But it’s the being told you have potential when you know it’s not said with love that stings. Being me – once a teenage girl, now a woman two years from thirty but still stuck seeing her world through the smoky lens of societal expectation – it sat like a glass splinter in my head, and worst of all, I believed it, nine times out of ten. Even over the overwhelming love shown by other people in telling me I was capable of making something good of myself. I bought magazines, but never looked like the girl on the cover. I listened to songs full of lyrics about experiences that I had never had that according to the world I should have had. I was the best friend, and I believed that was my place.

That night, even ten years later, I still sat paralysed by that belief. Crippled by the girl in my bathroom mirror.

My mum was on the phone, I remember. She’s an amazing woman, my mum. I think of her and my dad, how amazing it is that in a world where people give up on each other so easily, they still love each other as much now if not more than they did the day they got married. No Hollywood story, no script – whether flowery and cheesy or blunt and shocking – will ever bear one iota of the honesty and faith my parents show each other everyday. How you, you lovely person somewhere in the world reading this, ever lived as blessed a life as this without my family being your family…I don’t know. Many families are beautiful, loving, caring, stronger than an army fort held by a million soldiers against an army of one man and a pitchfork. Yours might be amazing – if it is, then I’m thankful for you. But mine…there aren’t words for the love and the faith between us. I think even if the world fell apart, and the sun started hurtling toward us, capable of destroying every living thing, our foundations – who we are, together – would still be stronger. I am my parent’s daughter. I come from a line of men and women characterised by the fact that they do not give up on the things that they love.

And my mum, as many excuses as I’ve given her, has never once given up on me.

She told me what every child I think hopes their parent won’t just say to them, but that they’ll act out – that no matter who I was, what I ugliness I saw in the mirror or felt in my heart, she saw me, and to her I was beautiful. That night, I made a decision to change my life. To kick the worst of all my habits – the self sabotage of not caring enough about my soul that my body fell by the wayside – I made the decision to do something I knew was going to be really painful and more challenging than anything I had ever done in my life.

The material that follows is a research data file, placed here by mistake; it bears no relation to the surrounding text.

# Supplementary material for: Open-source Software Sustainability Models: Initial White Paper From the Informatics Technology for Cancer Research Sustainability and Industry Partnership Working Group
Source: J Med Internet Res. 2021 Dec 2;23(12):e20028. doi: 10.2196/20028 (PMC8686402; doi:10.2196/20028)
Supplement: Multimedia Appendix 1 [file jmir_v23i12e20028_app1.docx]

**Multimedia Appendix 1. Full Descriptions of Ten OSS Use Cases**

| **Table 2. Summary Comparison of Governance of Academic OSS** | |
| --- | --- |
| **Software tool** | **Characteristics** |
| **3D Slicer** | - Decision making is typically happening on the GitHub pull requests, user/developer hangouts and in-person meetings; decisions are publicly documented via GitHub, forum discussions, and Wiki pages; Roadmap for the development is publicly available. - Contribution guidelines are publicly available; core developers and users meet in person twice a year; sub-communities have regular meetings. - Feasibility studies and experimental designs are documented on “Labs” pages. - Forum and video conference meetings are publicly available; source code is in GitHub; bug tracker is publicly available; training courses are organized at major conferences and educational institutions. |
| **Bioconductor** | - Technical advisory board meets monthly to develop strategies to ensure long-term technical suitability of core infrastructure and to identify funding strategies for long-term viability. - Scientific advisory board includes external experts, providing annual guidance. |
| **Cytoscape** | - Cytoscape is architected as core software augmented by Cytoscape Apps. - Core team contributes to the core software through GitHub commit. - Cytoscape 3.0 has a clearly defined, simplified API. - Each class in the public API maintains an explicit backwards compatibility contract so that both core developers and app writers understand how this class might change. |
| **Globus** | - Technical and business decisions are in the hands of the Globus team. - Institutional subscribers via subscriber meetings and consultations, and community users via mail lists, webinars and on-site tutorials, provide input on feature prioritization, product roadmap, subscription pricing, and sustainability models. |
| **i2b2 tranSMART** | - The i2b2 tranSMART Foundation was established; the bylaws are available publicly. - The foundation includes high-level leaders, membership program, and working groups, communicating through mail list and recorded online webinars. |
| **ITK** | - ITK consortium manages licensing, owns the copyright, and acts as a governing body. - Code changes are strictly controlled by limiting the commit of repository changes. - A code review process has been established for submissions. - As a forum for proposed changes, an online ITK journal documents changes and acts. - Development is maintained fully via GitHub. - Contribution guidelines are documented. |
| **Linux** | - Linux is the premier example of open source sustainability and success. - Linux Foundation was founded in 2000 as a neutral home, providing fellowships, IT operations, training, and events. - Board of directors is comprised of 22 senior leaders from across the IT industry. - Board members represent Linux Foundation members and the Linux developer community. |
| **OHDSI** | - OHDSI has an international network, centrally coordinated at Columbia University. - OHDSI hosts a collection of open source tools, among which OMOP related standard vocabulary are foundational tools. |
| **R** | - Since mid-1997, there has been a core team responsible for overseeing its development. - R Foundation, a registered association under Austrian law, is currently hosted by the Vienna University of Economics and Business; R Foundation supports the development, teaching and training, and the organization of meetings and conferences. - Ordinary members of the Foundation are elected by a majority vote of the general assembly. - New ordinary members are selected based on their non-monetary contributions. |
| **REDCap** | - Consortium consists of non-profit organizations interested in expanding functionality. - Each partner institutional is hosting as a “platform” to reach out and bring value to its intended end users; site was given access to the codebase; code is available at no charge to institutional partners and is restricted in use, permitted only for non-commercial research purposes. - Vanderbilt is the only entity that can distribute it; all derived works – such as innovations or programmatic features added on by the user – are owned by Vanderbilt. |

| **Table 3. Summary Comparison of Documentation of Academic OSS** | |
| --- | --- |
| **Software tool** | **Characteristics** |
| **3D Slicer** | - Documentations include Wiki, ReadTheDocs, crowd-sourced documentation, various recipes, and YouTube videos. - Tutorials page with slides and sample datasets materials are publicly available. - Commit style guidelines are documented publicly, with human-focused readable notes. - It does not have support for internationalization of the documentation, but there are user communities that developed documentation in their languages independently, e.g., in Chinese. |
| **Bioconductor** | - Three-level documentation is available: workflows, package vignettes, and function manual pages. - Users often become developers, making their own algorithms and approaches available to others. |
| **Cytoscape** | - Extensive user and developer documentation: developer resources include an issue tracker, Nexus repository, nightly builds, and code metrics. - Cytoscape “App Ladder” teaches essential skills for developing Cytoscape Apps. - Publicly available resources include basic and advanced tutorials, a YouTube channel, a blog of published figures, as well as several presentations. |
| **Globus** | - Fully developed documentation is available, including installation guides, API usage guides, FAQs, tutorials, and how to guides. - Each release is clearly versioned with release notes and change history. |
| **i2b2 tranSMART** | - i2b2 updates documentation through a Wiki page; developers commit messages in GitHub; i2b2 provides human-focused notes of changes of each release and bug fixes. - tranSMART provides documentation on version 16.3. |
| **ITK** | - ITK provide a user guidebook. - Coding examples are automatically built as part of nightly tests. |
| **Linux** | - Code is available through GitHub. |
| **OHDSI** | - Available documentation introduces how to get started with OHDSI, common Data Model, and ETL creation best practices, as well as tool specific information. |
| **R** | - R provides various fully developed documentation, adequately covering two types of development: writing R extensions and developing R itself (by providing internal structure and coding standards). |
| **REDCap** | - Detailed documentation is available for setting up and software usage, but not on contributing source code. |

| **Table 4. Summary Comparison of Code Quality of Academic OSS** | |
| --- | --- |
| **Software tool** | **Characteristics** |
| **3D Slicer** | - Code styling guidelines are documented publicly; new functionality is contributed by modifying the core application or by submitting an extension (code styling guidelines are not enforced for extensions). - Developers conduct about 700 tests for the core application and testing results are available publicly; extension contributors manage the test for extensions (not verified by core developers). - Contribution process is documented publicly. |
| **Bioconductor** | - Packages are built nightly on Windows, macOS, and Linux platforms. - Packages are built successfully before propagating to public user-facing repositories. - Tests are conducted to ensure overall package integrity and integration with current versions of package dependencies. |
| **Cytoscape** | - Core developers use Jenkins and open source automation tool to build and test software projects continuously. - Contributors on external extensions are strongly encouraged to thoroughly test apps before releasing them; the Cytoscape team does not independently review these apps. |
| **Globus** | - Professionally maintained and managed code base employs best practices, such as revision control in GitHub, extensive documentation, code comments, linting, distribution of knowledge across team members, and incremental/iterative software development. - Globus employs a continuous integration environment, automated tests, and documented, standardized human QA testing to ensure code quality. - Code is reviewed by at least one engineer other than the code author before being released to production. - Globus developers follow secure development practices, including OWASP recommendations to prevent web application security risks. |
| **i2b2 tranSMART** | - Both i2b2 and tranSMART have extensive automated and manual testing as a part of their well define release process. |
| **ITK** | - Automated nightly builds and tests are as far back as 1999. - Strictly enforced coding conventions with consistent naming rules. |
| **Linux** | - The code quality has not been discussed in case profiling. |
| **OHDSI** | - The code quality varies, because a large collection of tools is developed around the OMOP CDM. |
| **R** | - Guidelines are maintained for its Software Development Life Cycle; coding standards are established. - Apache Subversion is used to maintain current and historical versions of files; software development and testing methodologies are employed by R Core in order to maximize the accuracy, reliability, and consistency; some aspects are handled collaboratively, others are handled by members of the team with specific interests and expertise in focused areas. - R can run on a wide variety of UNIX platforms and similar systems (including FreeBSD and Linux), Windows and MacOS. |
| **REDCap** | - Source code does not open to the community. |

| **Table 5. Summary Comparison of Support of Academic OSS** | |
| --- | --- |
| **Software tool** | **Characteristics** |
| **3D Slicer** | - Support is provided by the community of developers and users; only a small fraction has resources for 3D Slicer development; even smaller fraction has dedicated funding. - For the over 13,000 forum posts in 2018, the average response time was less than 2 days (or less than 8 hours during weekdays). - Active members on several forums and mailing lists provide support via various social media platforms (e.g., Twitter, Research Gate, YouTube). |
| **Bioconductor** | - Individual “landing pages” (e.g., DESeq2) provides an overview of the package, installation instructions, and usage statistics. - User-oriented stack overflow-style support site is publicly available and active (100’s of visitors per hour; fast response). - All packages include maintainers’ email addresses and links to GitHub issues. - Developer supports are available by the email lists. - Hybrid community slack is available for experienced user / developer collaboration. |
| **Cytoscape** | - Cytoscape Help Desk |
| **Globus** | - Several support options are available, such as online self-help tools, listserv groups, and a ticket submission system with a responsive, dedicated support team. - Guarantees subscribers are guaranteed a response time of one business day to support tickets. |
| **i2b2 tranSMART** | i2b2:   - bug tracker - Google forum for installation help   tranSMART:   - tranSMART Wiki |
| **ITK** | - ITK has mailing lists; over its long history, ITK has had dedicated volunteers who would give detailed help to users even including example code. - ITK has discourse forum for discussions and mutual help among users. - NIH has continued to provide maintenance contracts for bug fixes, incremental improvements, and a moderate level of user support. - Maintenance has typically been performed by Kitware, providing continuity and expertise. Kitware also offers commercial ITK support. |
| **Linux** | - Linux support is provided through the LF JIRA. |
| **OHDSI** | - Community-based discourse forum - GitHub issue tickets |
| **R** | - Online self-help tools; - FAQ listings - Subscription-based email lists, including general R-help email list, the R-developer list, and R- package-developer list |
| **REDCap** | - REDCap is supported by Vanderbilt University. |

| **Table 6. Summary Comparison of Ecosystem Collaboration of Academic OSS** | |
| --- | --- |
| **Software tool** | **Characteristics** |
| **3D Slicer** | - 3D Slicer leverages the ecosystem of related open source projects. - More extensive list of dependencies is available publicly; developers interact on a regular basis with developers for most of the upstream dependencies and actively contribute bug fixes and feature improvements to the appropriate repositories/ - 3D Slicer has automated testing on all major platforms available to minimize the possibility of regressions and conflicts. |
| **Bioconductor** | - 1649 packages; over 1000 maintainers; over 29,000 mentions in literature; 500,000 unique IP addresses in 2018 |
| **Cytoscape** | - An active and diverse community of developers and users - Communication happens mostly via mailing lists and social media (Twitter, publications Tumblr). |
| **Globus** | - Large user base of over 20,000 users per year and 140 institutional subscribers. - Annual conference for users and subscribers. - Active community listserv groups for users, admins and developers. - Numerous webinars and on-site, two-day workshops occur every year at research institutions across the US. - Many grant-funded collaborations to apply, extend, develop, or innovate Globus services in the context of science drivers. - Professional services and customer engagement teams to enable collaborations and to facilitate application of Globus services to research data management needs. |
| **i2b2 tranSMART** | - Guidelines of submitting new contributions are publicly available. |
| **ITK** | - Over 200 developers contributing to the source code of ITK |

I wish I had the courage to lay it all out for you here, tell you how far I went, not to get my life back, but to get it for the first time. But here, now…oh lord, I don’t know that I’m ready to bear that much of my soul, much as I talk on and talk too much. You’re lovely to hang around as much as you do, reading all of these, the tumbling thoughts of this odd brain of mine.

But what I can tell you is that I succeeded. I had a moment where I realised that the person you want to be, does not have the potential to be. They are.

The best version of yourself is someone who isn’t just going to fall into your lap for wishing.

You have to fight for them. I did. I know what that means now.

And it spurned a million tiny rivulets of determination in me, to do things where once I would have just not cared enough. This is one of those little tributaries of strength in my system now.

Quitting social networking in and of itself is nothing.

But facing up to who you are, knowing when what you’re doing is good or bad for you and valuing yourself enough to do something about it, even the little stuff – that is everything.

When I first wrote about what I planned to do here, I quoted Confucius. It’s true what he said – that every journey begins with a single step.

But my lesson here has not been about that first step – it’s been about the second, and the third and the fiftieth, and the thousandth. Sometimes your feet will fly like there are wings in your ankles and stars at your toes; sometimes they will feel heavier than lead and do nothing but stumble in confusion. In truth, it’s not even about the step.

It’s about the stepping, and continuing to do it in the hope that one day you will be able to turn around, and say that you ran the good race to the end, stumbles and all.